The Internet and Mobile Access Trends

The telecom revolution in India over the last decade juxtaposes with the health infrastructure and urbanization challenges. Mobile penetration and access has leapfrogged fixed telephony lag. With nearly a billion wireless subscribers, mobile phones are ubiquitous in India, even across the rural landscape.

However, there remains a gender divide in the ownership of mobile phones, with females in India owning only 250 million mobiles. Most women mobile ownership is seen in urban centres (even amongst the poor), in the 14-38 years age group and amongst literate and higher income groups.

Despite these gaps, women ownership of mobile phones has been increasing consistently over the last decade.  Anecdotal feedback suggests a proportional rise in the mobile ownership of rural women as well.

Although, a recent GSMA report highlights the gender gap in ownership of mobile phones, particularly in South Asian countries. Indian women lag significantly in ownership as well as usage of mobile phones. This creates some limitations but also opportunities in engaging with women and their families to induce behavior change communication.

The Role of Technology in Delivering Better Healthcare for Children and Mothers

Technology can help accelerate the improvements we need to deliver for healthier childhoods. Broadly, all interventions are directed at improving health seeking behaviors of the consumers (mothers and children) and boosting the ability of the health providers to deliver better (and more targeted) interventions.

Changing behaviors of mothers and young children is vital in these efforts. We know that educating mothers about breast-feeding, nutrition practices, diarrhea management, and regular immunizations can lead to significantly improved health outcomes. Much of this education has been done in the past using health workers or mass media communication tools.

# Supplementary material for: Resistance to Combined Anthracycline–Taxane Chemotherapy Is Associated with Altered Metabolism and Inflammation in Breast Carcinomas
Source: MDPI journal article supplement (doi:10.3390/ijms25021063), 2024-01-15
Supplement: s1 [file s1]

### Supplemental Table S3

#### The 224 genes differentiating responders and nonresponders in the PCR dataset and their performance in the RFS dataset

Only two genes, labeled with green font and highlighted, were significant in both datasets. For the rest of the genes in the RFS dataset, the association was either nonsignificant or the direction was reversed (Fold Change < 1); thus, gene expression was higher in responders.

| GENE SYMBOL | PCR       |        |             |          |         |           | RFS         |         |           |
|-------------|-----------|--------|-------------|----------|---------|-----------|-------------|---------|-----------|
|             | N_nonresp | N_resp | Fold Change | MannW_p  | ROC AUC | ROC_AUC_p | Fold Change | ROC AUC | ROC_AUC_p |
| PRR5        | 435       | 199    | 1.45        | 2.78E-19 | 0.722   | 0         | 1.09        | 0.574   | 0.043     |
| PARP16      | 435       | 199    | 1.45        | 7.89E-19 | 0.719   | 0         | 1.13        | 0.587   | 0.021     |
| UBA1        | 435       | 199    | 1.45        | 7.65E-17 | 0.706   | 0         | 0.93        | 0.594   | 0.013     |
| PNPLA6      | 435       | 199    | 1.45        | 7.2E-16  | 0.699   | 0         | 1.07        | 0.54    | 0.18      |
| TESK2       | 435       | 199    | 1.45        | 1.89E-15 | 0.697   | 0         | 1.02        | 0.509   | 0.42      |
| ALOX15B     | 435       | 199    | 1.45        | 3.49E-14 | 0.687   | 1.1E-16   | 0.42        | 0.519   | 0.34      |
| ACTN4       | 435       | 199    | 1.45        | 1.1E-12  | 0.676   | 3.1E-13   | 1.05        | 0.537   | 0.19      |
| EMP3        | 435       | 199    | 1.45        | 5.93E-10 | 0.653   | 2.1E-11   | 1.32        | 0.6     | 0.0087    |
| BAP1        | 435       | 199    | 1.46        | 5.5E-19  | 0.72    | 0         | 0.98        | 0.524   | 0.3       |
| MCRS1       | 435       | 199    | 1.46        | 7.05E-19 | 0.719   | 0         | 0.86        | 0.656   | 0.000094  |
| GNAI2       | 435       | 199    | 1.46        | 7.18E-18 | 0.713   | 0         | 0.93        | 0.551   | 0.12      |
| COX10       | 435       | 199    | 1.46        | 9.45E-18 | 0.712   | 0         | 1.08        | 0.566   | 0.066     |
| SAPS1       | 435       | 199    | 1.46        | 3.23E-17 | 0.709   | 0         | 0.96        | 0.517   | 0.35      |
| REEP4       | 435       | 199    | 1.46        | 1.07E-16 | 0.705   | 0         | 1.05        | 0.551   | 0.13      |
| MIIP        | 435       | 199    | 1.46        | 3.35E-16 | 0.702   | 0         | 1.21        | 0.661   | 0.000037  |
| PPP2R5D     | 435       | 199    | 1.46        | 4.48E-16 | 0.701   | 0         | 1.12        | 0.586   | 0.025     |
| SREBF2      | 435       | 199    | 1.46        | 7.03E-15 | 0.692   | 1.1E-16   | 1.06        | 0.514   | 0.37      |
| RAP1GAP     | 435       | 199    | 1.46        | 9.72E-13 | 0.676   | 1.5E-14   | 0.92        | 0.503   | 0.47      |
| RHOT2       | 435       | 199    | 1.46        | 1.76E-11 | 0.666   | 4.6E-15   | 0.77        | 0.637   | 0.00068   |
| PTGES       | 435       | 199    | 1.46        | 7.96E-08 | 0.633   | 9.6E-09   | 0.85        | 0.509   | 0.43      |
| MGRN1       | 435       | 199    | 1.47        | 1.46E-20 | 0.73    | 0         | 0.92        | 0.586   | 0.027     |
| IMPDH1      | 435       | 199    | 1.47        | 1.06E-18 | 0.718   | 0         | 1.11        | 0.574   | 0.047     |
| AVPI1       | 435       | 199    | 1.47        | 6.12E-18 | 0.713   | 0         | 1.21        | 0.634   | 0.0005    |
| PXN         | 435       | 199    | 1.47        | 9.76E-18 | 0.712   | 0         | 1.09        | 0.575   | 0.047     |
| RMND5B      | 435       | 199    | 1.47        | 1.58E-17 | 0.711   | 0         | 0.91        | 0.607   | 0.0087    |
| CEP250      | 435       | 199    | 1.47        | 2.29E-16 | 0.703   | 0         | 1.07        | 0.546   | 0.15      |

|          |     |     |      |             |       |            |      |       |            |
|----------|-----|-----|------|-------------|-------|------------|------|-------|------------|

These tools have limitations – the former created huge demands on the time of the Front-line Health Worker (FLHW) and required substantial training to standardize content and delivery. The latter tend to be diffusely targeted.

They are also expensive to scale and are largely push interventions. Most importantly, behavior change does not happen when it’s convenient to push out educational tools but when the target consumer is most ready to receive, absorb and act upon that information.

Mobile based technologies offer the most compelling interface to create widespread behavior change. They provide highly personalized and sustained messaging to the target consumers, allow interactivity, and can be on-demand—all of which are key to influencing behavior change.

Technology can help accelerate the improvements we need to deliver for healthier childhoods.Click To Tweet

Several mobile based programs around the world (Aponjon in Bangladesh and mMitra in India) are demonstrating an increase in the uptake of health services when consumers were targeted and educated with specific health information.

Mobile technologies have also boosted the ability of the health workers to provide interventions. Monitoring target populations — pregnant women, new mothers, and sick children is vital to ensure that health workers can intervene in the highest risk cases to prevent morbidity and mortality.

Several mobile-based tools like the Commcare platform have been deployed in dozens of programs that educate and empower health workers to monitor and provide appropriate interventions to target mothers and children. These tools reduce the cost and time of trainings (and retrainings), are scalable and allow health workers to intervene with targeted populations in highly precise ways.

There are millions of Indian children in underserved communities across that suffer from malnutrition and diseases. Mobile technologies offer exciting and viable opportunities to give these children the healthy lives and upbringing they deserve.

Dr. Aakash Ganju is a healthcare consultant and entrepreneur, focused on increasing transparency, access, and convenience to health providers and consumers. He is the CEO of Mirai Health and lives in Mumbai, India.

References:
  • Forgotten Voices: Save the Children 2015
  • http://www.gsma.com/mobilefordevelopment/programmes/connected-women